It feels like only a few short weeks ago we were watching Steven Stamkos hoist the Stanley Cup for the repeat champion Tampa Bay Lightning following an NHL campaign like no other before. Because it was. Yet here we are, already revving up for a hopefully full and uninterrupted – and fingers crossed, healthy – 2021-22 campaign. Which means it’s also time to get your fantasy gang back together, or foster a new league, and try to out-smart and out-manage your direct competitors. We aspire to help you with that. Beginning with the most important few hours of your entire fantasy season.
As the wisest of fantasy hockey sages will tell you, it’s much easier to lose a season-long league on draft day than it is to win one. A few ill-advised choices can torpedo your chances of fantasy victory right from the start. Not fun. Which makes that three-hour window on some random preseason evening all the more important. Some advice then — in scope of ESPN’s standard points redraft league, at least to start — to help assemble the strongest team possible when it matters most.
As a devoted student of Brian Burke’s real-life approach to assembling a team, I’m all over selecting the best player available in the draft’s earliest stages. If Connor McDavid is unspoken for, you pick Connor McDavid. I don’t care if Brad Marchand is your favorite competitor, or your heart is set on grabbing a goalie first-overall, in standard scoring leagues, you’re selecting the best player on the planet to maximize that roster spot. That’s McDavid. Done. After the Oilers center, fellow forwards Auston Matthews, Nathan MacKinnon, and Leon Draisaitl round out the quartet – quintet if you have faith in the health of Nikita Kucherov‘s hip – of elite fantasy performers who are simply more valuable than everyone else. Beyond those four (five?), there’s a mild drop off to the next, and larger, throng of conceivably equal fantasy performers consisting of several forwards, the odd influential defenseman, and one standout netminder.
At this point it’s not a lousy idea at all to grab the starting netminder for the Tampa Bay Lightning. In this tandem-friendly era, Andrei Vasilevskiy can be relied upon to play the overwhelming majority of games — only Connor Hellebuyck and Jacob Markstrom started more in 2020-21 — for the best team in the league
Which brings us to a rich group of, again, very good fantasy assets to target in rounds two through five, in standard 10-team leagues. The discrepancy in fantasy value between forwards is relatively thin in the second tier of performers, meaning securing a top defenseman and goalie of choice is a sound move. I can nearly guarantee you Toronto’s Mitchell Marner and Capitals’ captain Alex Ovechkin will be snatched up well before Max Pacioretty of the Vegas Golden Knights in most drafts, even though their individual fantasy ratings project as perceptibly equal. So, go on and scoop up Rangers blueliner Adam Fox or goalie Marc-Andre Fleury as Chicago’s new go-to No. 1, for example, knowing the likes of a Pacioretty or underrated Hurricanes center Vincent Trocheck will still be kicking about in slightly later rounds. In leagues that reward blocked shots, a defender like Alec Martinez, who also contributes to the scoresheet, is a gem of an acquisition.
Once reaching the heart of the draft, positional requirements deserve greater attention. If your league categorizes forwards by specific role, now is the occasion to draft for need, while still respecting potential value, based on C, LW, and RW eligibility. Loading up on appealing centers while disregarding skaters on either wing will undoubtedly prove frustrating and less fruitful when adjusting your lineup throughout the season. As such, forwards eligible at multiple positions can serve as your best fantasy friends. Otherwise, in leagues that classify all forwards equally (F), continue to draft the best forecasted player available.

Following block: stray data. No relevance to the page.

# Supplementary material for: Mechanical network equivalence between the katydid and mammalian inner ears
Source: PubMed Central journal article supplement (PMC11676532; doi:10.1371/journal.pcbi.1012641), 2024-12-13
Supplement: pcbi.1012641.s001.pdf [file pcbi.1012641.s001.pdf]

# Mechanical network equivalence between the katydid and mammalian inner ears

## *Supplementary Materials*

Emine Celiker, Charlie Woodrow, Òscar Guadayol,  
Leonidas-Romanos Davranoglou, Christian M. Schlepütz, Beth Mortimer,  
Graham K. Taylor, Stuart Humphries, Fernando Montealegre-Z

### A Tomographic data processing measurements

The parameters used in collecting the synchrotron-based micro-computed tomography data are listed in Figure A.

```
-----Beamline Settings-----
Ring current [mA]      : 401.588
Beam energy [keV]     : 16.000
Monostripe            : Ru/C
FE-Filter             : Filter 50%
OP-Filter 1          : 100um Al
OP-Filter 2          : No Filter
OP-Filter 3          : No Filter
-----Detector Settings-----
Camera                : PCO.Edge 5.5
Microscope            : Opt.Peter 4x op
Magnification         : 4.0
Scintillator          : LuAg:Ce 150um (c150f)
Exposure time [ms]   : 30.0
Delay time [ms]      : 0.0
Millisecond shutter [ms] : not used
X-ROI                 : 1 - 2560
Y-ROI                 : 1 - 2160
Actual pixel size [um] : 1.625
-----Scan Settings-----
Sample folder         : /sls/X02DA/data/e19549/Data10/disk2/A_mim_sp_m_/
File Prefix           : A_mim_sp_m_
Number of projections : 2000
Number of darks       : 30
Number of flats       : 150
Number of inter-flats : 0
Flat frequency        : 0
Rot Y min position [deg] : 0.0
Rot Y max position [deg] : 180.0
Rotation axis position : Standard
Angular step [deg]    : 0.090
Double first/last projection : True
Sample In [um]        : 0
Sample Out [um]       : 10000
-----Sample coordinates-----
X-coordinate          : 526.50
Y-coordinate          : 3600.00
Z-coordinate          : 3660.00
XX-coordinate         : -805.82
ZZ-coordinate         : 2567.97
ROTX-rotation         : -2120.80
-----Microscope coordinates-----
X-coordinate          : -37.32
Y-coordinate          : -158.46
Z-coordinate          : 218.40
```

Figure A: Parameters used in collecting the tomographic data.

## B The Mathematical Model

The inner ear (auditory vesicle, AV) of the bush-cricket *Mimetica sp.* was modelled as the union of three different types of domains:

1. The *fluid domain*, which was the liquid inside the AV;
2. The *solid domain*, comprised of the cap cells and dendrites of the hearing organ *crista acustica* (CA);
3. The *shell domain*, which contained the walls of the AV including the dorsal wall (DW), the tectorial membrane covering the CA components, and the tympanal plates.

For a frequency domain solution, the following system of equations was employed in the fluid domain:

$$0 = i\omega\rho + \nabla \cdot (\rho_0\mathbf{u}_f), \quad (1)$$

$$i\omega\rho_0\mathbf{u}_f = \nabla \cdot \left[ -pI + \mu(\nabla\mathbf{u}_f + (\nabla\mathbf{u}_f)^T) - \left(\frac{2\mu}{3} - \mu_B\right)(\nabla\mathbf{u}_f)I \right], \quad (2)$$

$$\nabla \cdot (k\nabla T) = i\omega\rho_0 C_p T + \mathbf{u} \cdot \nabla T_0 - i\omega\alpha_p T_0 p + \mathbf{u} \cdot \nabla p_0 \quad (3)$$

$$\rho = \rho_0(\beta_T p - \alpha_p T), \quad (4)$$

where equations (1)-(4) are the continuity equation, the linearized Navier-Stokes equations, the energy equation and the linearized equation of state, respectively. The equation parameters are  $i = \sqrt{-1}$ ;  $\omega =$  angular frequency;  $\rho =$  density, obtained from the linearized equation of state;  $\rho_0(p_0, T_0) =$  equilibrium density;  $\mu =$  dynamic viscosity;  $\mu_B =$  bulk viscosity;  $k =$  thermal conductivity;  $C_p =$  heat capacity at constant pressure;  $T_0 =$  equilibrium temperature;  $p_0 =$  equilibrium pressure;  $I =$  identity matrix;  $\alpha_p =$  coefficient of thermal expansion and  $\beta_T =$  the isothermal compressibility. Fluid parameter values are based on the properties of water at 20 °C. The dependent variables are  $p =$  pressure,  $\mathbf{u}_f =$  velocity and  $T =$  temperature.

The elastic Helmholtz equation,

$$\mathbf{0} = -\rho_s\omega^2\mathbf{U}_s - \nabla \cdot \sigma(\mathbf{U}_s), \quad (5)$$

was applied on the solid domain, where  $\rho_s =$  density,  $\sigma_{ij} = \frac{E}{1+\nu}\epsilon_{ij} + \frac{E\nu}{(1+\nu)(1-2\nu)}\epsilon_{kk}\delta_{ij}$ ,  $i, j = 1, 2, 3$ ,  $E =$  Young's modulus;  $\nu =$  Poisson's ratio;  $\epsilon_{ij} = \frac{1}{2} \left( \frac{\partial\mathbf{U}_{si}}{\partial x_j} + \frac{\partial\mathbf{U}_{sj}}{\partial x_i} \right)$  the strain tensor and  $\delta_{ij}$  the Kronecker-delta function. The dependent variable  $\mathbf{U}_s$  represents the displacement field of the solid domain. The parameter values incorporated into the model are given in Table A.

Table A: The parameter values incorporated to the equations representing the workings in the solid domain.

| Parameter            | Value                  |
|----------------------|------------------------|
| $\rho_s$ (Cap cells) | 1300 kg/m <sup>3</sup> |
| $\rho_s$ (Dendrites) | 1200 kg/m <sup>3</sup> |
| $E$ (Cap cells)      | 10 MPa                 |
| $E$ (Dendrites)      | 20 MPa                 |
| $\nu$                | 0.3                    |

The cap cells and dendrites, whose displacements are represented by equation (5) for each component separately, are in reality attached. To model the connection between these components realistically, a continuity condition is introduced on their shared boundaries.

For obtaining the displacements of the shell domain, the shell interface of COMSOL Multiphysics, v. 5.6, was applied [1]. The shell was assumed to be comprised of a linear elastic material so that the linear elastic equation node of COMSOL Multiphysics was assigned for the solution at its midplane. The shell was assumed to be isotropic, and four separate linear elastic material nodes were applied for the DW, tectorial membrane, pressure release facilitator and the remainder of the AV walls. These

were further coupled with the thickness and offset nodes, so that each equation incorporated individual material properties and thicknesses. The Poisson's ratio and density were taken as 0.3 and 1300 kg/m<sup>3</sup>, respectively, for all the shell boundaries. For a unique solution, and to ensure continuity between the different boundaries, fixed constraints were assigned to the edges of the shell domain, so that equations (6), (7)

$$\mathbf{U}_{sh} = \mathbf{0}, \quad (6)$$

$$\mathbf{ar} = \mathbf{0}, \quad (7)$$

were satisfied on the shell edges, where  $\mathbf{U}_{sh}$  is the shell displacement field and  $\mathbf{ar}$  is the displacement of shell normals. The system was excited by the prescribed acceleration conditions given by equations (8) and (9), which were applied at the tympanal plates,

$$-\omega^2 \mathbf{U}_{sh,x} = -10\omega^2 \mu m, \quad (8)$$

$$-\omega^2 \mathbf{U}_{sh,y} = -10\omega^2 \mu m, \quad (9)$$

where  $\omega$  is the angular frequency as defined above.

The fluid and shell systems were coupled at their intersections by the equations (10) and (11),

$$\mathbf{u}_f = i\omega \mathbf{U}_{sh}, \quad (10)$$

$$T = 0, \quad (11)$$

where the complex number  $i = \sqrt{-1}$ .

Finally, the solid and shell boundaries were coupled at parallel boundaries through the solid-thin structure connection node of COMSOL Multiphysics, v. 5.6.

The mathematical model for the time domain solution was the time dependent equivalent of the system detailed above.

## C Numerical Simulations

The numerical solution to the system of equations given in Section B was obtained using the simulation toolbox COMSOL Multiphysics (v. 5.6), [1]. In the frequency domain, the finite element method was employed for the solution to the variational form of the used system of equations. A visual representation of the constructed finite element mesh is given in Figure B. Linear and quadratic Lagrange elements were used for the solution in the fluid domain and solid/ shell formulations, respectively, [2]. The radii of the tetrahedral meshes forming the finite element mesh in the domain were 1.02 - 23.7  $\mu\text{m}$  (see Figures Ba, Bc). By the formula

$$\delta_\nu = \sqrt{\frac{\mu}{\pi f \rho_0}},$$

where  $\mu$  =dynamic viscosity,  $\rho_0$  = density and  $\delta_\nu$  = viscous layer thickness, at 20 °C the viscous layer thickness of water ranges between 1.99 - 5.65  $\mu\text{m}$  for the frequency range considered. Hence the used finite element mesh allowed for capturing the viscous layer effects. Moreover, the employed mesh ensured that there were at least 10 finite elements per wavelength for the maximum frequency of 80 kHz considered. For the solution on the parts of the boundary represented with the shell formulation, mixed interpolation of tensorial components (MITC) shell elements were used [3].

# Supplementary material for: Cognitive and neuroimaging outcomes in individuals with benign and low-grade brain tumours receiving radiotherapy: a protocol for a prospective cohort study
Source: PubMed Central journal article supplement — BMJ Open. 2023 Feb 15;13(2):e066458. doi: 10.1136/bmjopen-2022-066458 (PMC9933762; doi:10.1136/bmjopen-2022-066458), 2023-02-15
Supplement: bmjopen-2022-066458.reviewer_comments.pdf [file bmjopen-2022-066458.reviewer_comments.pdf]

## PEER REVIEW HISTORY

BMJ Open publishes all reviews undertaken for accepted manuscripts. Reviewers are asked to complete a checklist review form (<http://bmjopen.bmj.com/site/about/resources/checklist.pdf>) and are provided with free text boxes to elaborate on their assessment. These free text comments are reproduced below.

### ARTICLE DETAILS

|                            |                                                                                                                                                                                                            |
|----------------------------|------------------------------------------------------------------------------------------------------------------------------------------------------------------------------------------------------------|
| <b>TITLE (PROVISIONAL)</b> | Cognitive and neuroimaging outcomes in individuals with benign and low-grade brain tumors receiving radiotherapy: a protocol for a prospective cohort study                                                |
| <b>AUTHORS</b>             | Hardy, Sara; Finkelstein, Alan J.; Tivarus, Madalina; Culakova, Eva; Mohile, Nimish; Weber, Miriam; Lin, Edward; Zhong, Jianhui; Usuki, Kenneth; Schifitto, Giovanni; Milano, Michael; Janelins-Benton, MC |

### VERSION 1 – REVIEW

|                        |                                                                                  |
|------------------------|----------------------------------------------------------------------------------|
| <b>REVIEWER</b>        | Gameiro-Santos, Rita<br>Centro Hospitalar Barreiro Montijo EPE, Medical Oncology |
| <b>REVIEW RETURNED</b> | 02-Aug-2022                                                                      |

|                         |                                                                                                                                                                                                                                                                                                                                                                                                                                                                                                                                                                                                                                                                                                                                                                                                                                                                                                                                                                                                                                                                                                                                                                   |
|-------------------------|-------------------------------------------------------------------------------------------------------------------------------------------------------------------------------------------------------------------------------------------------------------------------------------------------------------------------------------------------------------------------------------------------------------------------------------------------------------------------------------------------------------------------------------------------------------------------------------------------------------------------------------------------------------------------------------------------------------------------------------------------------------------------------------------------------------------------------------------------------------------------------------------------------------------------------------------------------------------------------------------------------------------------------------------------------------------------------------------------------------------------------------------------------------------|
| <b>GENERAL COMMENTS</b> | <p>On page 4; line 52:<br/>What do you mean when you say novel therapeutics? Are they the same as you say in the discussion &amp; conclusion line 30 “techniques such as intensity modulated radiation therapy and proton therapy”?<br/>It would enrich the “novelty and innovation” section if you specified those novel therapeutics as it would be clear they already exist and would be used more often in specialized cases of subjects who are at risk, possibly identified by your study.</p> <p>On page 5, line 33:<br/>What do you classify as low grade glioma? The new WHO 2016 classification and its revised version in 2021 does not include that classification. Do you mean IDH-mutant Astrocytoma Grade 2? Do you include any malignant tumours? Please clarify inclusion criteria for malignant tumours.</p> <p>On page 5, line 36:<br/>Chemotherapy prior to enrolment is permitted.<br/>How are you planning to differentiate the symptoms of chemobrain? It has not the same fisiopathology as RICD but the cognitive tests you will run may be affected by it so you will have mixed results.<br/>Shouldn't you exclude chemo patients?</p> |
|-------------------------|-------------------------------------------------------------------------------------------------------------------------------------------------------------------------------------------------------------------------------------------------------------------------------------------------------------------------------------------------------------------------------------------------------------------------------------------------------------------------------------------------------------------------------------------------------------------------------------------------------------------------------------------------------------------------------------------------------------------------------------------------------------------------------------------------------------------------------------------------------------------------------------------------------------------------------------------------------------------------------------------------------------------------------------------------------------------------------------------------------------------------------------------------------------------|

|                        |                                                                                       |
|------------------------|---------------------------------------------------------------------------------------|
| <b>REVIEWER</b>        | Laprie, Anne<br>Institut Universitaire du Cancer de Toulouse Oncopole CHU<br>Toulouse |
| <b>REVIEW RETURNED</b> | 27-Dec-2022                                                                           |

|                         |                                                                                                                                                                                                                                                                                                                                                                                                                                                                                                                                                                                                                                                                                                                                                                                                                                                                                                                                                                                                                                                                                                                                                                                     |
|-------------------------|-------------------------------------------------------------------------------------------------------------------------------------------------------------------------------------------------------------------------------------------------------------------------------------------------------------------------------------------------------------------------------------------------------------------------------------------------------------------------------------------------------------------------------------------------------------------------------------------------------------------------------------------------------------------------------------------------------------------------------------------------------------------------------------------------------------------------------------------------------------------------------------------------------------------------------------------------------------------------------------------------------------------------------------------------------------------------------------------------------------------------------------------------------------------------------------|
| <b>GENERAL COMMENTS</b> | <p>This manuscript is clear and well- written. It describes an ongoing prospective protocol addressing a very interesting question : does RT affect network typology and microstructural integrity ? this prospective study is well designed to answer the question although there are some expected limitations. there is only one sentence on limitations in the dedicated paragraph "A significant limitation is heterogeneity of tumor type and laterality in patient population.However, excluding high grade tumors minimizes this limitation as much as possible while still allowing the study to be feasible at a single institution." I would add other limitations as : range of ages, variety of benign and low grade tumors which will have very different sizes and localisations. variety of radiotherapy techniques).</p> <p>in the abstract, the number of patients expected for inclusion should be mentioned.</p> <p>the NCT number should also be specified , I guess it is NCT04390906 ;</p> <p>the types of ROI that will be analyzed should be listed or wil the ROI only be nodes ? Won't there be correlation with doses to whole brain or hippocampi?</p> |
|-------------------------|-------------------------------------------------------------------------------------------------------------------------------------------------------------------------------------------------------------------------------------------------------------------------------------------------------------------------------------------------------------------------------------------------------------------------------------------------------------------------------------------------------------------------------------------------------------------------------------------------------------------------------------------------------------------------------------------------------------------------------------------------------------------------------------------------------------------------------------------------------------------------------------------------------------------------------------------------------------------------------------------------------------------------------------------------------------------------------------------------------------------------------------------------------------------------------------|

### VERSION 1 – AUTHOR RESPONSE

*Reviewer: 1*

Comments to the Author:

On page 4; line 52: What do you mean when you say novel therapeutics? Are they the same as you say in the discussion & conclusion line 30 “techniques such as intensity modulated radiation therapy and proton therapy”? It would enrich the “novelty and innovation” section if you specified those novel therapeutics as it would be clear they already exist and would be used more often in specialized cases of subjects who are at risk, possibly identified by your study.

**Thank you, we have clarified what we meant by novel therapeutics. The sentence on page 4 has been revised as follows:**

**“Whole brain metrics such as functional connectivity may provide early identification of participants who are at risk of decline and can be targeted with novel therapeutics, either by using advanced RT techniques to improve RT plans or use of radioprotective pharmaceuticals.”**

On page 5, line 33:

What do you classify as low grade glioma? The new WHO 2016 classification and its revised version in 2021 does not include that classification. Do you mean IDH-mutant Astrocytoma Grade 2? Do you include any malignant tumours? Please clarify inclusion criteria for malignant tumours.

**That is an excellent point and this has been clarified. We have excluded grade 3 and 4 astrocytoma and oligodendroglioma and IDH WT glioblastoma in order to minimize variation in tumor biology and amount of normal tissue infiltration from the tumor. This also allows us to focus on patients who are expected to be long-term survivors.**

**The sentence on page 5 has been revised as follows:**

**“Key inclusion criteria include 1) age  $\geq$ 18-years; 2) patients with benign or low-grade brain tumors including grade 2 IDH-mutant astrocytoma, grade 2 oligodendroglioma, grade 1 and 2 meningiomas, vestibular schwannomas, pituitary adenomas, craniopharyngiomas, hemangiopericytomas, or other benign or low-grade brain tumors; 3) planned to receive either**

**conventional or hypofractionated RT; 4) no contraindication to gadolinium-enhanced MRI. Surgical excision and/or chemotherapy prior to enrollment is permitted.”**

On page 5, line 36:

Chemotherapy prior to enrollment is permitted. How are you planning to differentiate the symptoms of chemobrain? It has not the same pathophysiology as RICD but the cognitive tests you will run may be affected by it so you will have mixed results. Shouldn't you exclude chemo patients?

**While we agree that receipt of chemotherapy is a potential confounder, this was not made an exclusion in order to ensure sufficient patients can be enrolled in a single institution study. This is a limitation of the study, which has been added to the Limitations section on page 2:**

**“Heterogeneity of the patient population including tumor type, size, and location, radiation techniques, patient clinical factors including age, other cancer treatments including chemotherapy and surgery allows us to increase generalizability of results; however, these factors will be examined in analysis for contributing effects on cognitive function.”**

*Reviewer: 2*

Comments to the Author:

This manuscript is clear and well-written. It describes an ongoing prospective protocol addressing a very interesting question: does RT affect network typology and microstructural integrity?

Either way, mining team previews and other preseason fantasy content to determine who is skating where, and with whom, can pay out significant fantasy dividends. With the more obvious fantasy stars off the board, new faces in new places, or players projected to move up their respective lineups or join top power play units, hold fresh appeal. Forward Zach Hyman — a solid if middling fantasy producer in seasons past with the Maple Leafs — boasts rejuvenated fantasy shine as newbie linemate to McDavid in Edmonton. Which brings us to other under-radar players who can spell the difference between fantasy victory and defeat.
Bounce-back and Breakout Candidates
Along with a concrete foundation of star and otherwise proven performers, high-performing sleeper candidates help spell the difference between victory and defeat by fantasy season’s end. Securing a later-round gem — one that outperforms their projections — goes a long way in challenging for the ultimate crown.
In offering brief taste of guidance ahead of our more comprehensive preseason sleeper coverage, I like Conor Garland as an under-the-radar performer in his new Vancouver digs. Whether Garland skates with Elias Pettersson or Bo Horvat, the former Coyote is poised to strike his ultimate scoring stride at age 25. New Jersey center Jack Hughes appears ready to take the next productive step after an improved Sophomore campaign. Defenseman Vince Dunn — only 24 years old — sports underrated fantasy appeal as a power-play asset with the expansion Seattle Kraken. And no way Philadelphia’s Carter Hart plays anywhere nearly as poorly as he did this past campaign. He’s too talented a netminder to repeat that folly. Just a sample, but these four could serve as mid-to-late-round steals in many drafts.
The “D” Word
On the opposite end of the spectrum from coveted sleepers are those due to decline. Players grow older, change teams/lines, or simply struggle to repeat a previously explosive, and out-of-character, campaign. Blues forward David Perron averaged more than a point per game in 2020-21 for the first time in his 14-year career. What are the chances the now 33-year-old replicates that output for a second-straight season? Ex-Hurricane Dougie Hamilton probably doesn’t finish top-seven in blue-line scoring with the less-productive New Jersey Devils. This isn’t to suggest you shouldn’t grab Perron or Hamilton, not at all, only it’s important to temper expectations and draft them accordingly.